April 22, 2016 by T. Gregory Argall
People are getting upset about things again.
This time it’s about other people’s art.
I’m probably going to catch some grief for simplifying the issue, but from my perspective, that’s what it comes down to.
Earlier this week there were reports, initially in the form of something that a blogger heard somewhere, suggesting that Stana Katic and Tamala Jones would not part of the cast for the as-yet-still theoretical ninth season of the TV show “Castle.” Immediately the Internet lost it’s freaking mind. Angry, ranting posts were made on Facebook. Short, angry outbursts were tweeted on Twitter. Smartphone portraits of aghast expressions were shared on Instagram. Multiple petitions were circulated, demanding that ABC Productions reverse a decision that had not actually been confirmed. Other members of the cast were judged and reviled based on how quickly and emotionally they commented on what was still an unconfirmed rumour.
It was kind of pathetisad in its scope.
To justify their selfish anger and demands, other bloggers quoted the original blog, including the phrases “I heard that…” and “I also hear that…” but no mention of anything other that one person claiming that another unnamed person said something that wasn’t proven.
To be clear, no matter what you call your blog or how many readers, followers, or retweets you may have on any given day, writing a blog is not journalism and does not make you a reliable source of information.
I write here each week, sometimes even in an attempt to actually be informative, but I am under no illusion whatsoever that anything I write in my blog is any more than opinion and hearsay. And that’s a fact.
(Heh heh. See that I did there?)
Last week there was a massive Internet outcry over the fact that Scarlett Johansson has been cast as the main character in an American film remake of “Ghost In The Shell,” a Japanese series of comics and films. The issue, of course, is that she’s not Japanese, which would potentially be a valid concern if it were a Japanese remake of a Japanese series of comics and films. But it’s not. It’s an American film, not a Japanese film.
(Curiously, the complaint has been that she is not Asian rather than specifically Japanese, which seems to imply that those who claim to care most about preserving the Japanese-ness of the story also believe that all Asians look alike.)
The publishers of the “Ghost In The Shell” manga series have said that they didn’t require or even expect that the American film would have a predominantly Japanese cast. As reasonably intelligent people who understand what words mean, they knew that when the granted film production rights to a film production company the film production company would have the rights to produce a film and that it would be the film that the film producers would want to produce.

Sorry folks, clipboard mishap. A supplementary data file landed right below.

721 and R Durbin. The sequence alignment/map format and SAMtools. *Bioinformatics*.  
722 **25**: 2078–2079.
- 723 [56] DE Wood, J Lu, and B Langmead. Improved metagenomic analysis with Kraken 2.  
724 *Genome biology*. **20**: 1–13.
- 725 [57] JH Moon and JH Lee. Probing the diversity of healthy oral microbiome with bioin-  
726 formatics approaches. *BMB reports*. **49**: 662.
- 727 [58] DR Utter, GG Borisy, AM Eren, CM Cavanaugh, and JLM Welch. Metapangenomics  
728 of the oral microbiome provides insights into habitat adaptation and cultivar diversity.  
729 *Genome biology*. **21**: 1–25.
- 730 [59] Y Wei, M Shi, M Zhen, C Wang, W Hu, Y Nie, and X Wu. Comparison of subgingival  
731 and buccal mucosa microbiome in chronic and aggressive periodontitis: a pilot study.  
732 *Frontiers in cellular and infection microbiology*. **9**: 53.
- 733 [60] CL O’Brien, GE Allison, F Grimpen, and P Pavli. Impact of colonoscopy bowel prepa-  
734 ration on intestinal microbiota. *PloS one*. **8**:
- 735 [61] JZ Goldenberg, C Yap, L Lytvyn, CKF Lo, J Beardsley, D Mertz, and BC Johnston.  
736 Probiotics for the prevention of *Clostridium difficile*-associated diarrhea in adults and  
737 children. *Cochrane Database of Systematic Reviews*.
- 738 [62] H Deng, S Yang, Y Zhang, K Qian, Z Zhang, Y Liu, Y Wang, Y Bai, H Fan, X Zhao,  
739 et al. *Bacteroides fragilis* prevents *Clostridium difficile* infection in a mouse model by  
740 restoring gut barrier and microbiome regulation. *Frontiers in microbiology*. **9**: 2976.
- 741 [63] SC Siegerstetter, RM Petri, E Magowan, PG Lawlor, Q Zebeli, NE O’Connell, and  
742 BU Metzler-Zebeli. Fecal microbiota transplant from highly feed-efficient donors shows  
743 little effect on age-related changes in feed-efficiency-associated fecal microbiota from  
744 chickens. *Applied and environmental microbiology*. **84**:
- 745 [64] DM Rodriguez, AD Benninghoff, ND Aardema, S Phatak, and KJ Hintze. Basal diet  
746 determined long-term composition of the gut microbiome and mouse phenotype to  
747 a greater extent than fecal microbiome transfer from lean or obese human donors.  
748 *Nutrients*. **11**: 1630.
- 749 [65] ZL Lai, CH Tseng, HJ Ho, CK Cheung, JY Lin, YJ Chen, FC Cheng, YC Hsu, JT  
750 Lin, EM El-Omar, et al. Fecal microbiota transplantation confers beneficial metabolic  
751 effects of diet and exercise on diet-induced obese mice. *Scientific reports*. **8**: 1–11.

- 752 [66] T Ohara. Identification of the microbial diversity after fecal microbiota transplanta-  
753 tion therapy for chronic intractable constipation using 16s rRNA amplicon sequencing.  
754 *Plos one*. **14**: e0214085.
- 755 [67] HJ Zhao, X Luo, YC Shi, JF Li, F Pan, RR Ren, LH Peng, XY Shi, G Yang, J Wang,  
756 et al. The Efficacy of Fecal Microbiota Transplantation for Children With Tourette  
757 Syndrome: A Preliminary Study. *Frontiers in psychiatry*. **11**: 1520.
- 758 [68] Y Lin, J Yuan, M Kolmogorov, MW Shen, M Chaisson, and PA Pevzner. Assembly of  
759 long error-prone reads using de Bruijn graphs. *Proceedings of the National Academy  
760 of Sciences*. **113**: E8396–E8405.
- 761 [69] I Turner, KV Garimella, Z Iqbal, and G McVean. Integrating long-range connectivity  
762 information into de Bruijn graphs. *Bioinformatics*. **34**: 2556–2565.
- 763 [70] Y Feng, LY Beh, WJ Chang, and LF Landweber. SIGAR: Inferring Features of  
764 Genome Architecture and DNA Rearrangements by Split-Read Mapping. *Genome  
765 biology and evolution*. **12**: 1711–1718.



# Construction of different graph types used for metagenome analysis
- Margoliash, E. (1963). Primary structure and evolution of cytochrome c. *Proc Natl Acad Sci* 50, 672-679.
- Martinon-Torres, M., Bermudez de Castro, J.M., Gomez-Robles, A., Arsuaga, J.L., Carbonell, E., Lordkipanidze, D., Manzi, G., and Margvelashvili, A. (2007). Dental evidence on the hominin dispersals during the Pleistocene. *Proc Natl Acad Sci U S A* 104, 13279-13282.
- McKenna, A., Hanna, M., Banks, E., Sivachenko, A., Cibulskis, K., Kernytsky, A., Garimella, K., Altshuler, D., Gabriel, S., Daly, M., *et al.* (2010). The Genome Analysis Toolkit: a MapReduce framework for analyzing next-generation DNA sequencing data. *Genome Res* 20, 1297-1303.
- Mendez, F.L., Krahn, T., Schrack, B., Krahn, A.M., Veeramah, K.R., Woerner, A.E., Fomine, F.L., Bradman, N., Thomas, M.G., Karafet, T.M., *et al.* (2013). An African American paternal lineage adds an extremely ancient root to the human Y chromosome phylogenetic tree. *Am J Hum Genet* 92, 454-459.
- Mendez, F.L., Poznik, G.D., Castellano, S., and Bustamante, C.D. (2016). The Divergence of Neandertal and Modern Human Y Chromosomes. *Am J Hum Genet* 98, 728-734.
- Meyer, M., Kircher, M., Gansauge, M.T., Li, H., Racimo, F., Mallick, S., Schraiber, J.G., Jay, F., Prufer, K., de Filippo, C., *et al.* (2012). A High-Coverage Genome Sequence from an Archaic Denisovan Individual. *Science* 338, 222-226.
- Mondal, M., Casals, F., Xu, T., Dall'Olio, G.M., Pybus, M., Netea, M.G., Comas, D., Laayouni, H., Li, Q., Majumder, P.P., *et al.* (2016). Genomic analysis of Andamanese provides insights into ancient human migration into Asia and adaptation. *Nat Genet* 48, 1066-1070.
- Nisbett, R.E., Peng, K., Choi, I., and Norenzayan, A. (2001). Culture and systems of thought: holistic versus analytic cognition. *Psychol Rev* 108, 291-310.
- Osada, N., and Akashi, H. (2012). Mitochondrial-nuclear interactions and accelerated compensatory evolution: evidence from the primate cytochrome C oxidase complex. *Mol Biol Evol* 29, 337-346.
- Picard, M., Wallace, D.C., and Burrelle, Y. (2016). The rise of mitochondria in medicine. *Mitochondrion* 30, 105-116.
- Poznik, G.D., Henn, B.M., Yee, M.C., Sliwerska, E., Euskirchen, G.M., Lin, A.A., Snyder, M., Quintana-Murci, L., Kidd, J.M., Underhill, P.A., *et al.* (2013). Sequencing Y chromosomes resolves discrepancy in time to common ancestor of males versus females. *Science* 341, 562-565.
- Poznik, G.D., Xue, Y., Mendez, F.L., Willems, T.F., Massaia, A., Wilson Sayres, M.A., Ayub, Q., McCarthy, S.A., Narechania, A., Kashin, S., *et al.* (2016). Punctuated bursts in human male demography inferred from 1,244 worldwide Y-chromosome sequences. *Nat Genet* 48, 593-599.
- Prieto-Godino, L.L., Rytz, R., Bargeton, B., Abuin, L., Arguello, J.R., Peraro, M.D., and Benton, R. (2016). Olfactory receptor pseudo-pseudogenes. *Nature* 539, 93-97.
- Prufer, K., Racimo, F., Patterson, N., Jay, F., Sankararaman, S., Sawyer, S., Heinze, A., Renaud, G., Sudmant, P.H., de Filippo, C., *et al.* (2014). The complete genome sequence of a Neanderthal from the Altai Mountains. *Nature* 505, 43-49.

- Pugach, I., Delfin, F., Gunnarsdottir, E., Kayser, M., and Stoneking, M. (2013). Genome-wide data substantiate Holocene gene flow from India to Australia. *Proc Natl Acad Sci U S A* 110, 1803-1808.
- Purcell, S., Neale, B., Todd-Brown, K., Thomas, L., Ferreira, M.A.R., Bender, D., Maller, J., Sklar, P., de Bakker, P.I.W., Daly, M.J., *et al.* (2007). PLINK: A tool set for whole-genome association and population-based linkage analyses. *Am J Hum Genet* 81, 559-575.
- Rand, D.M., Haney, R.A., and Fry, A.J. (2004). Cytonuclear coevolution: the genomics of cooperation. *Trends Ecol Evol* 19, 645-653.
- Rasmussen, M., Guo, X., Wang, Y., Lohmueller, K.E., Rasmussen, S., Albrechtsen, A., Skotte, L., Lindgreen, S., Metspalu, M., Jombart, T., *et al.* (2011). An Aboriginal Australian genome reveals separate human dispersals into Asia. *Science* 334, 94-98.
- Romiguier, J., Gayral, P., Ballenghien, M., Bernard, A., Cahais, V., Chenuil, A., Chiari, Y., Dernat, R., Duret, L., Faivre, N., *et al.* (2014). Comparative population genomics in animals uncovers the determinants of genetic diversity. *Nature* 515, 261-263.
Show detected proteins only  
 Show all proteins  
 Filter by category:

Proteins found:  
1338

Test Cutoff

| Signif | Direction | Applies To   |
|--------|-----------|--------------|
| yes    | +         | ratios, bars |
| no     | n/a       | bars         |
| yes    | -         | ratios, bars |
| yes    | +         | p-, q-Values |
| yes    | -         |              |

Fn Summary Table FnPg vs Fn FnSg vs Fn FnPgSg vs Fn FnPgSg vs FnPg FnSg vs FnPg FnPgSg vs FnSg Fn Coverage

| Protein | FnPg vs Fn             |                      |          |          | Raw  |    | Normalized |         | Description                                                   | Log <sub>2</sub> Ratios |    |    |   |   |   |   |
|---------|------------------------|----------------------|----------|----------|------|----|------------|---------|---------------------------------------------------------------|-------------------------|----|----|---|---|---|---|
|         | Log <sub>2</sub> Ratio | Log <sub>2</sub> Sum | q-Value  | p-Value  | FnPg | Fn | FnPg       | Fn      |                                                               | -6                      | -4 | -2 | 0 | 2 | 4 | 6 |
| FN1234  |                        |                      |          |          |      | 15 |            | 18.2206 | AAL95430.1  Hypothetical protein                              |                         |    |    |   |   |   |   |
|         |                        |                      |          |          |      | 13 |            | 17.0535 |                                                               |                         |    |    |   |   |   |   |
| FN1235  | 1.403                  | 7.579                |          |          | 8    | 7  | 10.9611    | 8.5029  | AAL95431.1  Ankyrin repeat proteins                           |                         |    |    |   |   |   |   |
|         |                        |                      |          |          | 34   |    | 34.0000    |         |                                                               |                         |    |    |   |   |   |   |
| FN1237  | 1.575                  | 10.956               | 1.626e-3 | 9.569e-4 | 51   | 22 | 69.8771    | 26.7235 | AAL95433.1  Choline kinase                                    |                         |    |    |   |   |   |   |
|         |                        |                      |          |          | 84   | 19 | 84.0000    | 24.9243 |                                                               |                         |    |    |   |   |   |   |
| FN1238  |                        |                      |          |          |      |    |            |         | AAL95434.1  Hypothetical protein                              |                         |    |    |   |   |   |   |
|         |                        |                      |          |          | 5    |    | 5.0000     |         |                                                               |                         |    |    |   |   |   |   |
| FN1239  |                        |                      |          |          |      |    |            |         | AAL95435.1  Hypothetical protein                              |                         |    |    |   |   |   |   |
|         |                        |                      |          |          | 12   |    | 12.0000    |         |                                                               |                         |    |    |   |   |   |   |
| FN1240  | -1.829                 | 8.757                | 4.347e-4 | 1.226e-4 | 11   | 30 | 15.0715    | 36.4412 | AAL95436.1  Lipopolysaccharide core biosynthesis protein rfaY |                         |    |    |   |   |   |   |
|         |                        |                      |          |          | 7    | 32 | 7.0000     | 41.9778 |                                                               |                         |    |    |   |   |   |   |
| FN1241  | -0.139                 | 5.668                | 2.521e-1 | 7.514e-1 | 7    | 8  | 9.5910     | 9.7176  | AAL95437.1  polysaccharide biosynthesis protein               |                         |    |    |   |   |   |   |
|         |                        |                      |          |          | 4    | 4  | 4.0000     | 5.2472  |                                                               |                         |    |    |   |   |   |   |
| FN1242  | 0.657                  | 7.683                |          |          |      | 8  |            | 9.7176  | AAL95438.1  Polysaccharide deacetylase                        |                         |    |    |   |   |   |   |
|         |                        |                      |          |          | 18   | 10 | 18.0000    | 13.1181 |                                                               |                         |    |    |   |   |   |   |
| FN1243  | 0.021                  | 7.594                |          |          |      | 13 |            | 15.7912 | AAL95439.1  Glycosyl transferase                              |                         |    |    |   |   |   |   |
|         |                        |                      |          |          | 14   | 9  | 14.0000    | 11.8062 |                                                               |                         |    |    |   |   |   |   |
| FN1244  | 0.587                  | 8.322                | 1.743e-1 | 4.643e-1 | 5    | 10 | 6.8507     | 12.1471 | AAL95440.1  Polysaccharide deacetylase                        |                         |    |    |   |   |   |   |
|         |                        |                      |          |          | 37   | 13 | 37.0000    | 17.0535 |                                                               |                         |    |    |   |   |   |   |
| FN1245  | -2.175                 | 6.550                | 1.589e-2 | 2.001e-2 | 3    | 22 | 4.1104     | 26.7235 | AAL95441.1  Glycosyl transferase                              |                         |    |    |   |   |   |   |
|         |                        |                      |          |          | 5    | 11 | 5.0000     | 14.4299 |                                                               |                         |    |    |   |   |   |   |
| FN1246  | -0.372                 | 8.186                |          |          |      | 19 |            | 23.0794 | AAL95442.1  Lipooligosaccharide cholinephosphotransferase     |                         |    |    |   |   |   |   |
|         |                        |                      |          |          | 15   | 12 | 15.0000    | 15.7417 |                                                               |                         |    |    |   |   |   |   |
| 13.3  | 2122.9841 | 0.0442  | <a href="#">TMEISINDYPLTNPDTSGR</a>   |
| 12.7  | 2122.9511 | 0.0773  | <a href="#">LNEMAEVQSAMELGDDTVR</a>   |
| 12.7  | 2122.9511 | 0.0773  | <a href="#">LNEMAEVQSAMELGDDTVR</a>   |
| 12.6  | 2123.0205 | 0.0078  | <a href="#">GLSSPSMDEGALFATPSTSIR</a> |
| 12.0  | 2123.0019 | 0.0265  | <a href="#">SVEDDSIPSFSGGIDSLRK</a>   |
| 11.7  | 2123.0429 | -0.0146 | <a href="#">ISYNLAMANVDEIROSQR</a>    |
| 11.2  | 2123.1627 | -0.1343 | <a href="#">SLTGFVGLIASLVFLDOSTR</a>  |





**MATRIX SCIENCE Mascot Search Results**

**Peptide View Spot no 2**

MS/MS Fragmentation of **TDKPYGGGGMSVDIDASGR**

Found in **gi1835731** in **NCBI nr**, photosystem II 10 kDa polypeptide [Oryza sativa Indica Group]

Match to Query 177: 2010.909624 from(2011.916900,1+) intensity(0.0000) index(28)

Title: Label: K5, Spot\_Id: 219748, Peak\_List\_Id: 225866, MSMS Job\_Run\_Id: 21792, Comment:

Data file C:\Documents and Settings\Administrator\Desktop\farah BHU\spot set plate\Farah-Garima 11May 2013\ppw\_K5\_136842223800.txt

Basically, some Americans paid them a bunch of money for the rights to use their story elements to make an American film.
It’s not that hard to understand.
But people who claim to dream of a world where race doesn’t matter often seem to take issue with people for not taking race into consideration in every decision made.
Conversely, there has been no railing at the heavens or gnashing of teeth at all about the fact that there is only one Asian character featured in the latest remake of Kirosawa’s “Seven Samurai.” Strange, that. It’s like people are cherry-picking the things they complain about based on whether or not they knew the story existed before they heard about it.
It all comes down to art and a sense of entitlement.
Any attempt to create something meaningful in any medium creates art. Painting, sculpting, drawing, film making, writing, animating, singing, dancing, composing music, whatever. If you express yourself in any of those ways, you have made art. The quality of that art is intrinsically subjective in spite of near-universal insistence on quantifying and judging any and all creative acts.
In the cases of the “Castle” and “Ghost In The Shell” teapot tempests, fans who profess to love and appreciate the art are demanding that the creators of the art eliminate any potential for creativity and growth in their art if it doesn’t match exactly how the fans feel it should be.
“I like what you’ve made but I would like it more if your vision for your project had less of your vision for your project.”
The voice of the Internet, striving so “honourably” for change, is protesting any suggestion of change.
How would you feel if the previous owner of your home kicked open your door and demanded that you paint your livingroom in varying shades of purple, orange, and brown because that’s how it was when he lived there? You would try to ignore him and, if needed, have the police remove him from your home.
It sounds like an extreme analogy, but that’s what is happening with “Castle” and “Ghost In The Shell” and “Superman v. Batman” and countless other films and TV shows that are not exactly the sames as your fond memories of what they once were.
The solution is simple. If you don’t like what someone else is doing with their art then create your own.
Create new characters and new stories and tell them they way that you want them told.
Wrath of the Internet notwithstanding, the only thing stopping you is you.
Try to be nice to each other.